In a fibre optic system, there are several small devices and components, to which one might not give due credit and understand their importance. However, the truth is that it is these small components that build up the backbone of the entire system, and without these the system would be nothing but a pile of hardware unable to perform its desired function.
Let’s look, for example, at optical attenuators that are used extensively in fibre optic communication systems such as datacentres etc. This little component has the capability to reduce a strong optic signal to a desired lower power level. Imagine a multi-wavelength fibre optic system, in which you need to equalize the optical channel strength so that all the channels have similar power levels. This means to reduce stronger channel’s power to match lower power channels. Another good example may be that the received optical power is so strong that it saturates the receiver. You then need an attenuator to reduce the power so that the receiver can detect the signal correctly without saturating.
How does an optical attenuator reduce power? Well, it introduces a segment of “attenuating fibre” in the optical path, which is created by either using a solution doping technique or rare earth elements into the fibre’s core that reduces the transmission of fibre. Furthermore there are optical attenuators which reduce the power to a fixed desired level and as such are termed fixed type. On the other hand, there are also variable type optical attenuators that are used to reduce powers with an adjustable range. Top fibre optic equipment manufacturers like Apollo technology designs these attenuators according to industrial standards to work with different kinds of connectors such as SC, LC, FC and ST etc. They also assure the quality of attenuators by performing 100% interferometric testing and insertion loss testing on connectors.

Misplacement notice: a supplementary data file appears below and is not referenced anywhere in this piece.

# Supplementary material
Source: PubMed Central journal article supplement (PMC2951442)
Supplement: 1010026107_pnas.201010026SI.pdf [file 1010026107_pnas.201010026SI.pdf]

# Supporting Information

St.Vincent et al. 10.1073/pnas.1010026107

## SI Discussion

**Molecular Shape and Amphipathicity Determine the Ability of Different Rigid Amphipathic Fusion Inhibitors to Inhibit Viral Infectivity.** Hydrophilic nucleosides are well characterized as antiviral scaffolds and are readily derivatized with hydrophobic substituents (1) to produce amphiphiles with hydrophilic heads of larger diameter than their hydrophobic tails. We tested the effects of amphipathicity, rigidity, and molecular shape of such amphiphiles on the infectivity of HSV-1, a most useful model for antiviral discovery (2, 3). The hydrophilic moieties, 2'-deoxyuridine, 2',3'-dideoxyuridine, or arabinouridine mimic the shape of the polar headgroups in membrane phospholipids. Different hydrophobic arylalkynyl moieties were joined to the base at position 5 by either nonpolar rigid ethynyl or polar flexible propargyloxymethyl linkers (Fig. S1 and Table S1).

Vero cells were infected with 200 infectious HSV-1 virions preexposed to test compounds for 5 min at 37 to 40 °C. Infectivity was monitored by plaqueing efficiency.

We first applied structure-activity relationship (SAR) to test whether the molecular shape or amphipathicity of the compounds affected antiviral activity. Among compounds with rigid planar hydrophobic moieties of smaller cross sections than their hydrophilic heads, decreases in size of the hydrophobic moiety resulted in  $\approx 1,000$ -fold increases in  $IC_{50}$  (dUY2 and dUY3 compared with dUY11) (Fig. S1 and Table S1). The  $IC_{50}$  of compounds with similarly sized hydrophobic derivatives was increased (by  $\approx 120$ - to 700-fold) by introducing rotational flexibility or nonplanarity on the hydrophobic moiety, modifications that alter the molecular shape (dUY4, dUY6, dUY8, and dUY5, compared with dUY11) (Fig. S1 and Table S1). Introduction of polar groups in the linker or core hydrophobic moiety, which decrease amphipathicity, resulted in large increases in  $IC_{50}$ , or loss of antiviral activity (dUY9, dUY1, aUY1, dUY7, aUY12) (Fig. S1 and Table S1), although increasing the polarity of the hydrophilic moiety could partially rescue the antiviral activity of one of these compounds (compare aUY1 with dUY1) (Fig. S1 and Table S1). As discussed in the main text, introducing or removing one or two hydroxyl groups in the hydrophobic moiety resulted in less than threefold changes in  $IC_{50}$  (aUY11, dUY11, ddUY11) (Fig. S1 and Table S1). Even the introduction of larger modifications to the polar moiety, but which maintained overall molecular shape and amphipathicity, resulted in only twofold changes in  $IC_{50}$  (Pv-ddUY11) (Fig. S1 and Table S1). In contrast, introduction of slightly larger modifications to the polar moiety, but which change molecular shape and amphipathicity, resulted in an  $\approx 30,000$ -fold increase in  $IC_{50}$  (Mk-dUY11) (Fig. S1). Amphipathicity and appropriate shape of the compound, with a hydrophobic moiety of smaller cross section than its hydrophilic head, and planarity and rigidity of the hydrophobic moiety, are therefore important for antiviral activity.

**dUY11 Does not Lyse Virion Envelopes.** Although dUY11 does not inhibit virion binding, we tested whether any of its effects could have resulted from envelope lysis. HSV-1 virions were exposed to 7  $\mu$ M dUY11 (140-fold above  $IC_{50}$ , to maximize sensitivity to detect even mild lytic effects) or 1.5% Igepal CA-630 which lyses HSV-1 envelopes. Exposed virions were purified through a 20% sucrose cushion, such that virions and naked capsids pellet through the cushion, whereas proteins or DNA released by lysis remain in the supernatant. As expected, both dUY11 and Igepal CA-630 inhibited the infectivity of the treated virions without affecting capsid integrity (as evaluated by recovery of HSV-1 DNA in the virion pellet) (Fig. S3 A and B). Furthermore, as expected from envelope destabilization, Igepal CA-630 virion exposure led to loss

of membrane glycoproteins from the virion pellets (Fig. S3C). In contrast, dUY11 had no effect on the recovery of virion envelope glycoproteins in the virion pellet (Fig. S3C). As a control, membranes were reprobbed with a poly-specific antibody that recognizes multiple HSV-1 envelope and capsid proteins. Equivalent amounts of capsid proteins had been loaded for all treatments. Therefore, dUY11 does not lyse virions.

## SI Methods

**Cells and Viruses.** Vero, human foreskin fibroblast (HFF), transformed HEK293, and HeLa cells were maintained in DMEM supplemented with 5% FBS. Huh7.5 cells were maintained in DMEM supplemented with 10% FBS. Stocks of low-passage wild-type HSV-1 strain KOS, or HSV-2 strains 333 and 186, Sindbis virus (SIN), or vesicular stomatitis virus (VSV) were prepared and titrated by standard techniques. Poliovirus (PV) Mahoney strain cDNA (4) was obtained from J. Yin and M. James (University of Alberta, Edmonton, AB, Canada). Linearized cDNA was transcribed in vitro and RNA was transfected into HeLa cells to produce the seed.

The need for optical attenuators is on the rise, particularly with the technological advancements in the fibre optics domain and the subsequent emerging high speed applications like modern day datacentres and fibre optics lasers used to knock out space debris! Optical attenuators will play an even more important role in fusing the new high speed fibre optic infrastructure with the already existing one while operating at a different power level altogether. A market forecast report has been announced by MarketResearchReports.com on the technology trends and global consumption of component-level fixed and variable fibre optic attenuators in optical fibre networks. According to this report, the global consumption value of component-level fibre optic attenuators is expected to reach about $324.2 million in 2015, whereas the consumption of manually controlled and electrically controlled Variable Optical Attenuators (VOAs) is projected to reach $254 million. These values are expected to increase with the annual growth rate of 5.6 percent to reach till $426.6 million in 2020.
“The use of variable optical attenuators (VOAs) with optical switching is contributing to the steady increase of this particular component. A critical functional area in fibre optic communication includes optical switching and VOAs; therefore, the increase in 100G is contributing to the increase demand of VOAs in both the telecommunication and datacom segments”, said Analyst.
Other benefits of using fibre optic attenuators that make them ideal for DWDM applications are their low back reflection, wide wavelength range, insensitivity to polarization and compact and rugged housing.
Optical attenuators serve as an essential backbone component to today’s fibre optic communication providing successful transmission of signals without destroying equipment due to unmatched power levels. Manufacturers like Apollo technology also play their role in providing these high quality attenuators thus raising the possibility of testing and implementing new generation of high speed systems with existing ones, raising the bar of fibre optic technology to another level.